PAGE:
Networking for territories of life: Options and questions for a grassroots discussion

An ICCA network is a network of individuals, communities and organizations ready to collaborate and provide each other with advice and peer support in various subjects concerning territories of life (e.g., practices, policies, trends, threats, opportunities, resources…).

…some options for networks include…

  • Working group – This is an informal network in which custodians of territory of life, allied organisations, and individual activists and experts periodically gather to share ideas and work on common concerns.
  • Coalition or platform – These are more formal networks dedicated to a common goal, especially tackling specific, pressing issues—e.g., a coalition against an imminent threat of land grabbing or a platform in support of a specific national policy.
  • Peer support and review network among territories of life – These are mechanisms dedicated to mutual support and to making sure that custodian communities pull together meaningful submissions to national or international registries of territories of life. The network agrees on rules and processes for submissions that are peer supported and peer reviewed.
  • Association or federation – These are formal organizations, such as an association or federation that represents common interests among custodians of territories of life. More than others, this model allows a network to receive and use important resources. It also provides trusted representation when interacting with others, such as regional or national governments.

Regardless of the network type, it is important that it emerges from a felt need among communities and that it meets that need and shared concerns and priorities.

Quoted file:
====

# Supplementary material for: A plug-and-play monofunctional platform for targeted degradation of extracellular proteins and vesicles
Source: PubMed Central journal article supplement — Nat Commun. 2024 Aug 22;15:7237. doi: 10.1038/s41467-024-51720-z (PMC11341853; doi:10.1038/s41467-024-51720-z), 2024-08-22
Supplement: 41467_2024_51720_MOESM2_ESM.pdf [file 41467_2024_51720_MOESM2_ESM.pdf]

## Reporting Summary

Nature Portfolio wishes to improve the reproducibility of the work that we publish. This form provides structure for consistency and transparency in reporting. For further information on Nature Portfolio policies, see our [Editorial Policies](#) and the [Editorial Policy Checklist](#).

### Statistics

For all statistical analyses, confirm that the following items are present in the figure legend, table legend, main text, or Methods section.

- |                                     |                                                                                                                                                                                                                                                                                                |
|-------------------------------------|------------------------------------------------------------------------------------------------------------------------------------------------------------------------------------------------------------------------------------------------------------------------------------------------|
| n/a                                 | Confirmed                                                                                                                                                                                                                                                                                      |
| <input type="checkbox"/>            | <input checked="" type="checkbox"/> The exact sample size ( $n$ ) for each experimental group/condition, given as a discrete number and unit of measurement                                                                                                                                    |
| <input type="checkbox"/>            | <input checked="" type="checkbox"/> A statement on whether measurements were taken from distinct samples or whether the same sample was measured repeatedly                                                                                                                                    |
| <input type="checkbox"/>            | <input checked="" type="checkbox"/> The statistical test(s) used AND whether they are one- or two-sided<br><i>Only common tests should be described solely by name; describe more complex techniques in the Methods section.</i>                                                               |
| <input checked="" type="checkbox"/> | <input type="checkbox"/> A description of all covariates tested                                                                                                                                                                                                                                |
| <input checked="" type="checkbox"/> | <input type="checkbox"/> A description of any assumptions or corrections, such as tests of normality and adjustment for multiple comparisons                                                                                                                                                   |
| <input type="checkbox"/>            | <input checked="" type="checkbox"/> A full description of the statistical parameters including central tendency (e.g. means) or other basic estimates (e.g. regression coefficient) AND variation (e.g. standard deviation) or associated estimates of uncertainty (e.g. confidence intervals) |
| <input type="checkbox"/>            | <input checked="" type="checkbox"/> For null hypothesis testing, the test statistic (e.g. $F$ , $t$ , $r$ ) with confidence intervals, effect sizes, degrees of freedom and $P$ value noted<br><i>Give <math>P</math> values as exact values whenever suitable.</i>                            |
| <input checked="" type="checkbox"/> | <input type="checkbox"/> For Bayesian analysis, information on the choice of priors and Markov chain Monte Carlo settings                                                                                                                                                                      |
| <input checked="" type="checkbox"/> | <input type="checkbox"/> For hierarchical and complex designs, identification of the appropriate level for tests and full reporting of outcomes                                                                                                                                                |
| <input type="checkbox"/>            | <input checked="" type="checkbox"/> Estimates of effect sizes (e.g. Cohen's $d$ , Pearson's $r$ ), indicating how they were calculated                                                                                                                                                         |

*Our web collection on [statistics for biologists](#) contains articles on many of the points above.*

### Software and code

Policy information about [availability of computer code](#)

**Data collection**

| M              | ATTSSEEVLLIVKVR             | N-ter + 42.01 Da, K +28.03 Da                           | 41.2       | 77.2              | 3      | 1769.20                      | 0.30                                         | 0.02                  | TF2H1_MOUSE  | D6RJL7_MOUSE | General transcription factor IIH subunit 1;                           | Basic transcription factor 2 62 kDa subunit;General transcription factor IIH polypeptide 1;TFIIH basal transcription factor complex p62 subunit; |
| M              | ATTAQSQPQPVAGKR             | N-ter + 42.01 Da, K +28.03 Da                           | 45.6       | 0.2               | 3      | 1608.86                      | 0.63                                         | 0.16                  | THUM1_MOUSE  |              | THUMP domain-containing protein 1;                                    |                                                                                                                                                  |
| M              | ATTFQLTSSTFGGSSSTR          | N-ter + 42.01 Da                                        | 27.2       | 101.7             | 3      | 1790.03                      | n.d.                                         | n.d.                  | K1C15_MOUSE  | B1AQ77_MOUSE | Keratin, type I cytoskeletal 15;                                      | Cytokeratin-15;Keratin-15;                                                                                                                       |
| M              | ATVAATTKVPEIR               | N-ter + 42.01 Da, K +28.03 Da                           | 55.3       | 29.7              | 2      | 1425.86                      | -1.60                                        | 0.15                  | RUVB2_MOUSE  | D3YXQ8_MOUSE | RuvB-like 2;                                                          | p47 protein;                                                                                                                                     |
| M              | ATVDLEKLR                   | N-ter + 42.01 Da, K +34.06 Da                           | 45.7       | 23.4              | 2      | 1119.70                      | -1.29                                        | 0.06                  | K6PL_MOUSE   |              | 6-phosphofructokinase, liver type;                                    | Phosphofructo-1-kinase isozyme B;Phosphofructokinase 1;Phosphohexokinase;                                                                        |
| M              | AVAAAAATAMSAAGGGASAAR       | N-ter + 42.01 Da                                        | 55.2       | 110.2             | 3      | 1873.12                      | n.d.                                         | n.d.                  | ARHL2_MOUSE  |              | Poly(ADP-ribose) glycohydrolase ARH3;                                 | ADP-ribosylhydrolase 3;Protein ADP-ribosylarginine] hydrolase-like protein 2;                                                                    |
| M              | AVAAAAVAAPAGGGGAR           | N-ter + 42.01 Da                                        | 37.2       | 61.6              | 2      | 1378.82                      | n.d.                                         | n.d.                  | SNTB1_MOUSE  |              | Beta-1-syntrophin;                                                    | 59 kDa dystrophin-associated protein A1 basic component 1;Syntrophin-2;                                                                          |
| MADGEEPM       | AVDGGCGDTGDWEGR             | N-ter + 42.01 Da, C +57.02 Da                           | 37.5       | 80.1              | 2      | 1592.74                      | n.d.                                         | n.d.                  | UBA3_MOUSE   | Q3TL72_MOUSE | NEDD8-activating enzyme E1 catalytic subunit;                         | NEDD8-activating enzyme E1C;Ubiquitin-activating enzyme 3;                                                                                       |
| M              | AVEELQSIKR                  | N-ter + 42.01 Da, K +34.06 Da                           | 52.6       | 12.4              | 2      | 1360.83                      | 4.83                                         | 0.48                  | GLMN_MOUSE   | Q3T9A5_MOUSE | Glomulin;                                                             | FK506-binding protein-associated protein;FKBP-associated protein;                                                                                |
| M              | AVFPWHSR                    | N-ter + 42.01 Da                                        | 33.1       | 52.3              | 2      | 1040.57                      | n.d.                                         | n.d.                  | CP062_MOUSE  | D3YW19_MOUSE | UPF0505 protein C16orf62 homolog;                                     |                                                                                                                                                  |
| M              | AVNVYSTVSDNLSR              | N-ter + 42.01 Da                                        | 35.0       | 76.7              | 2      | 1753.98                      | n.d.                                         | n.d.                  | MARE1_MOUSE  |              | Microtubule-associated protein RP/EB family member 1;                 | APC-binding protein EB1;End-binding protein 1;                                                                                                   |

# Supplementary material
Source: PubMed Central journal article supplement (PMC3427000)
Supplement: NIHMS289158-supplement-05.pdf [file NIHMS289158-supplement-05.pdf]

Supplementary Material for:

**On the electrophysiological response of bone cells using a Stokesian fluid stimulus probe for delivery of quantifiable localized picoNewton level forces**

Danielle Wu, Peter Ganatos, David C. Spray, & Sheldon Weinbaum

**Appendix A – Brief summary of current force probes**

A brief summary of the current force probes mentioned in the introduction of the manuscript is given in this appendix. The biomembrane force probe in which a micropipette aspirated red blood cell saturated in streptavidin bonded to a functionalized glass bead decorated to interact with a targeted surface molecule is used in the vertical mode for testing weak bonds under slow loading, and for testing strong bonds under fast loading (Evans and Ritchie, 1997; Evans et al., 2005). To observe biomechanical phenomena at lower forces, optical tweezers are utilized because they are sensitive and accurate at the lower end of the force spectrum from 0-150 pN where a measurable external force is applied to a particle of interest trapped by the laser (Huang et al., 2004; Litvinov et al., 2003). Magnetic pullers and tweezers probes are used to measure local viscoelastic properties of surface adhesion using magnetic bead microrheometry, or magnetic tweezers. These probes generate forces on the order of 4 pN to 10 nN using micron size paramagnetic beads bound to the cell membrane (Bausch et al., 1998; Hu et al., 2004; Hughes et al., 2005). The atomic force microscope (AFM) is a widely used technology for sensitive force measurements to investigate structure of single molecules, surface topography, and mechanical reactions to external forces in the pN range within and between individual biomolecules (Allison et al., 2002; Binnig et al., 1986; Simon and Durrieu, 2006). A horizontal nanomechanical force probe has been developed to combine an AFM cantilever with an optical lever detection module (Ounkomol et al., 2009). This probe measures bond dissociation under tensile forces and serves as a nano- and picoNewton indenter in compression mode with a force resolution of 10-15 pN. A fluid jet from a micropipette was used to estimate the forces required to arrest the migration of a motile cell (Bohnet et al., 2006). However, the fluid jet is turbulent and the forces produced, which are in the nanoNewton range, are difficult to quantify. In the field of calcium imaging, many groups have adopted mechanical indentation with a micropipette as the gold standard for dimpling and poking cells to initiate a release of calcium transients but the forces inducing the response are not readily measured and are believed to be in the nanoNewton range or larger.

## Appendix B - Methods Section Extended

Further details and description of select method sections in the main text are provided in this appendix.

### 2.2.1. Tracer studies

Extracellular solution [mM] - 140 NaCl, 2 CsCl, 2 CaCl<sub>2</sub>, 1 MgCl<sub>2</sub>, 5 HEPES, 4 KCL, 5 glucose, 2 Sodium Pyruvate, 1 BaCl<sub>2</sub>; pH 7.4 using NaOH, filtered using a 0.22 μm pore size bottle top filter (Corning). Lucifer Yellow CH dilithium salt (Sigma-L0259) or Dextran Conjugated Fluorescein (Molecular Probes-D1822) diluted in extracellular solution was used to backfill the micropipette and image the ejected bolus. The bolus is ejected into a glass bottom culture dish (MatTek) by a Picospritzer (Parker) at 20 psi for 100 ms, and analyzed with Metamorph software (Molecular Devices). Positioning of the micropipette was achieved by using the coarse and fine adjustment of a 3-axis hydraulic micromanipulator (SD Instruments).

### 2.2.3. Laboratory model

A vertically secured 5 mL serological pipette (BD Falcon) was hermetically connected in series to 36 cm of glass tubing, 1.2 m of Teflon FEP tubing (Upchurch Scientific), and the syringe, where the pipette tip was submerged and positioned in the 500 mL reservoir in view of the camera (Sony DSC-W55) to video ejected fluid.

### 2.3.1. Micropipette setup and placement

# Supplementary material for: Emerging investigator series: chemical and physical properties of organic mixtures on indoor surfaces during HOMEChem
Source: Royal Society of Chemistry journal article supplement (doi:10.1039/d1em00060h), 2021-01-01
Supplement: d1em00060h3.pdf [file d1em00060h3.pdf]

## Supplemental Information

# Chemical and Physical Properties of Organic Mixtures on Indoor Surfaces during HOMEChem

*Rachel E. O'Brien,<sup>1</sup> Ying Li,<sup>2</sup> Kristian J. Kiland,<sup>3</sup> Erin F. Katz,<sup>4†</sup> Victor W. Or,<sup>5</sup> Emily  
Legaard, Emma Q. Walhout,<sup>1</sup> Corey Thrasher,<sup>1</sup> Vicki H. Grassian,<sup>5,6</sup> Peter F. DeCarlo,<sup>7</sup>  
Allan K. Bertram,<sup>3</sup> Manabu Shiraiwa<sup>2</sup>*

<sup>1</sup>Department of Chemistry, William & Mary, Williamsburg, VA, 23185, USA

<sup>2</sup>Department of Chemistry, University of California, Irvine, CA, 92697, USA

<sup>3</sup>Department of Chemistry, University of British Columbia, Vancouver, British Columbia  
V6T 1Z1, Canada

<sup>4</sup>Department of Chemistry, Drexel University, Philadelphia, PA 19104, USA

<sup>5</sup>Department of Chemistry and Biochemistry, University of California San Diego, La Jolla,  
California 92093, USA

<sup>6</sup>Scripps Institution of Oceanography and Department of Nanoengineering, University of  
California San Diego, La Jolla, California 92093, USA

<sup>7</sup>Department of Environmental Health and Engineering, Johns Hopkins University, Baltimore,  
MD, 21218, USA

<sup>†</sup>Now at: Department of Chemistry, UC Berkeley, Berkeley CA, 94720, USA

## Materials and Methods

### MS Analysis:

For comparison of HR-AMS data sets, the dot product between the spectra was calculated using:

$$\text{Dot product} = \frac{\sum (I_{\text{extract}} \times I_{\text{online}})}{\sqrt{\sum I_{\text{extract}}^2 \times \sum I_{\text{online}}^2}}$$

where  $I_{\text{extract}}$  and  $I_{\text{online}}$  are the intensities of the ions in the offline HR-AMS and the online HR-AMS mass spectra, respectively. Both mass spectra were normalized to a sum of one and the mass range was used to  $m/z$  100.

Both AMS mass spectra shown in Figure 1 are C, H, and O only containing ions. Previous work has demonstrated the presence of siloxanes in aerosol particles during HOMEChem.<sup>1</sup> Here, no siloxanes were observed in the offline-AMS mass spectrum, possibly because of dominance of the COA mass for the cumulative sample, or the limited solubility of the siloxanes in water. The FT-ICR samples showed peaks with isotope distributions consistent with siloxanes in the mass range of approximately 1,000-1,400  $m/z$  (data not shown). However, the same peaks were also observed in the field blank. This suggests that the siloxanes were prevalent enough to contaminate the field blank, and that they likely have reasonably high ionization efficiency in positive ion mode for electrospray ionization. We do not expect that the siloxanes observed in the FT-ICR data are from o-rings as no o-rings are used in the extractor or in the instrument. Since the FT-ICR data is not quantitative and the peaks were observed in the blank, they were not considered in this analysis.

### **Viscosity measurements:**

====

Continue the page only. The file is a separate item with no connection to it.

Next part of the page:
If a territory of life network does not yet exist in a specific region or country, organising a meeting among representatives of community custodians of territories of life is an effective way to get started. The meeting creates an opportunity for custodians to listen to each other’s needs and ideas and establish some common ground, often based on recognised shared threats and opportunities. As the custodian communities and their partners identify common needs and possible joint activities to meet such needs, they may decide to develop some form of on-going collaboration as a network. 

…questions for considering engagement in a network

  • Are there needs, concerns or priorities that we might be able to better address through networking and joint organising with peers and allies?
  • Has our community ever engaged in outreach?  What have we learned in the process?
  • Does our community have resources for networking and joint organising?
  • Are there specific conditions or circumstances that need to be in place for our community to engage in a network or joint organising activity?
  • Does our community know those peers and allies we are considering joining in a network?  Have we previously shared information, situation analysis and planning, or participated in an event with them? If not, should we try that out, before we embark on something more engaging?
  • If we decide to create or join a network, who would represent our community in the network and how would such representatives provide feedback to the community?

Some networks are flexible and relatively informal. Others are formal and carefully designed to fit a specific context or address a specific issue. All networks should be able to benefit their individual members, but many manage to reach broader goals. The priorities of the members, their context, and their resources and capacities can all help inform which networking approach is most appropriate.